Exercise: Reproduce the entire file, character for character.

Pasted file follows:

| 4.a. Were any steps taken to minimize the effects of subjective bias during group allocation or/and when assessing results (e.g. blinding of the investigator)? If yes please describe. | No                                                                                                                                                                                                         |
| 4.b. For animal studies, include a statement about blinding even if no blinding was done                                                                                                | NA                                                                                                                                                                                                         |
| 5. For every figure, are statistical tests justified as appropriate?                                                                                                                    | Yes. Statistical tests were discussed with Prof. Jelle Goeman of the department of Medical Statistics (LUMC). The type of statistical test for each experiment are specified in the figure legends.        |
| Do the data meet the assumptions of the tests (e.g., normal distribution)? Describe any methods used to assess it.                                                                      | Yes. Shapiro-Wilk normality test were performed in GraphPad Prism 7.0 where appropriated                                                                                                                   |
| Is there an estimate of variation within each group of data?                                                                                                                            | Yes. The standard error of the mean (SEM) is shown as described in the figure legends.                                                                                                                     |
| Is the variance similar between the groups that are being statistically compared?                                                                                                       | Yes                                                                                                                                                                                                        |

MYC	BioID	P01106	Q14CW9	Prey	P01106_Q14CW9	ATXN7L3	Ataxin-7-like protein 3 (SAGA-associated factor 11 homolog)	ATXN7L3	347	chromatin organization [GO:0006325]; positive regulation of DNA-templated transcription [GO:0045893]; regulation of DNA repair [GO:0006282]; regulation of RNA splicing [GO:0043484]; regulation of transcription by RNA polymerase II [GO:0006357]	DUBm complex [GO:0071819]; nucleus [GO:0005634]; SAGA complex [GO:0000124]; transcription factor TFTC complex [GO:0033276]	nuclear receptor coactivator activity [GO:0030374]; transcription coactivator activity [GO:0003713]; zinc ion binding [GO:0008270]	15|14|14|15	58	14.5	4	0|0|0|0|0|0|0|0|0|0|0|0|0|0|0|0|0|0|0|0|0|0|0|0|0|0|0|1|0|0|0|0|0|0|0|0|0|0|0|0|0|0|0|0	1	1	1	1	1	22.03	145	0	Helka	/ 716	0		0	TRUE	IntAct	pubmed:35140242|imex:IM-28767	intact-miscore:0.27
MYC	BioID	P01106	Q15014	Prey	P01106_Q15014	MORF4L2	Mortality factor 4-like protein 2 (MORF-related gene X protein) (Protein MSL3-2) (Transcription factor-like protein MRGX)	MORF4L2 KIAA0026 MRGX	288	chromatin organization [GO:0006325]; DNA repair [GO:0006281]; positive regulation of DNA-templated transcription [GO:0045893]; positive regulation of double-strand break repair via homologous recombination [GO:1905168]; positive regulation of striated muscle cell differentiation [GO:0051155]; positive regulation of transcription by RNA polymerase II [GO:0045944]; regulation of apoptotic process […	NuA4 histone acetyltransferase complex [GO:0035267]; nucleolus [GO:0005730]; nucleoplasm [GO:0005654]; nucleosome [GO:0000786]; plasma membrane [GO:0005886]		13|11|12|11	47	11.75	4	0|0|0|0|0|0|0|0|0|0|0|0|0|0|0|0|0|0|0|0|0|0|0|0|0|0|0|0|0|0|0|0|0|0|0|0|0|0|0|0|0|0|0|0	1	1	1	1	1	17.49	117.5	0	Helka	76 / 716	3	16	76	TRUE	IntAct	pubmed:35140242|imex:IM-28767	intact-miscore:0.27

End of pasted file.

| 4.a. Were any steps taken to minimize the effects of subjective bias during group allocation or/and when assessing results (e.g. blinding of the investigator)? If yes please describe. | No                                                                                                                                                                                                         |
| 4.b. For animal studies, include a statement about blinding even if no blinding was done                                                                                                | NA                                                                                                                                                                                                         |
| 5. For every figure, are statistical tests justified as appropriate?                                                                                                                    | Yes. Statistical tests were discussed with Prof. Jelle Goeman of the department of Medical Statistics (LUMC). The type of statistical test for each experiment are specified in the figure legends.        |
| Do the data meet the assumptions of the tests (e.g., normal distribution)? Describe any methods used to assess it.                                                                      | Yes. Shapiro-Wilk normality test were performed in GraphPad Prism 7.0 where appropriated                                                                                                                   |
| Is there an estimate of variation within each group of data?                                                                                                                            | Yes. The standard error of the mean (SEM) is shown as described in the figure legends.                                                                                                                     |
| Is the variance similar between the groups that are being statistically compared?                                                                                                       | Yes                                                                                                                                                                                                        |

MYC	BioID	P01106	Q14CW9	Prey	P01106_Q14CW9	ATXN7L3	Ataxin-7-like protein 3 (SAGA-associated factor 11 homolog)	ATXN7L3	347	chromatin organization [GO:0006325]; positive regulation of DNA-templated transcription [GO:0045893]; regulation of DNA repair [GO:0006282]; regulation of RNA splicing [GO:0043484]; regulation of transcription by RNA polymerase II [GO:0006357]	DUBm complex [GO:0071819]; nucleus [GO:0005634]; SAGA complex [GO:0000124]; transcription factor TFTC complex [GO:0033276]	nuclear receptor coactivator activity [GO:0030374]; transcription coactivator activity [GO:0003713]; zinc ion binding [GO:0008270]	15|14|14|15	58	14.5	4	0|0|0|0|0|0|0|0|0|0|0|0|0|0|0|0|0|0|0|0|0|0|0|0|0|0|0|1|0|0|0|0|0|0|0|0|0|0|0|0|0|0|0|0	1	1	1	1	1	22.03	145	0	Helka	/ 716	0		0	TRUE	IntAct	pubmed:35140242|imex:IM-28767	intact-miscore:0.27
MYC	BioID	P01106	Q15014	Prey	P01106_Q15014	MORF4L2	Mortality factor 4-like protein 2 (MORF-related gene X protein) (Protein MSL3-2) (Transcription factor-like protein MRGX)	MORF4L2 KIAA0026 MRGX	288	chromatin organization [GO:0006325]; DNA repair [GO:0006281]; positive regulation of DNA-templated transcription [GO:0045893]; positive regulation of double-strand break repair via homologous recombination [GO:1905168]; positive regulation of striated muscle cell differentiation [GO:0051155]; positive regulation of transcription by RNA polymerase II [GO:0045944]; regulation of apoptotic process […	NuA4 histone acetyltransferase complex [GO:0035267]; nucleolus [GO:0005730]; nucleoplasm [GO:0005654]; nucleosome [GO:0000786]; plasma membrane [GO:0005886]		13|11|12|11	47	11.75	4	0|0|0|0|0|0|0|0|0|0|0|0|0|0|0|0|0|0|0|0|0|0|0|0|0|0|0|0|0|0|0|0|0|0|0|0|0|0|0|0|0|0|0|0	1	1	1	1	1	17.49	117.5	0	Helka	76 / 716	3	16	76	TRUE	IntAct	pubmed:35140242|imex:IM-28767	intact-miscore:0.27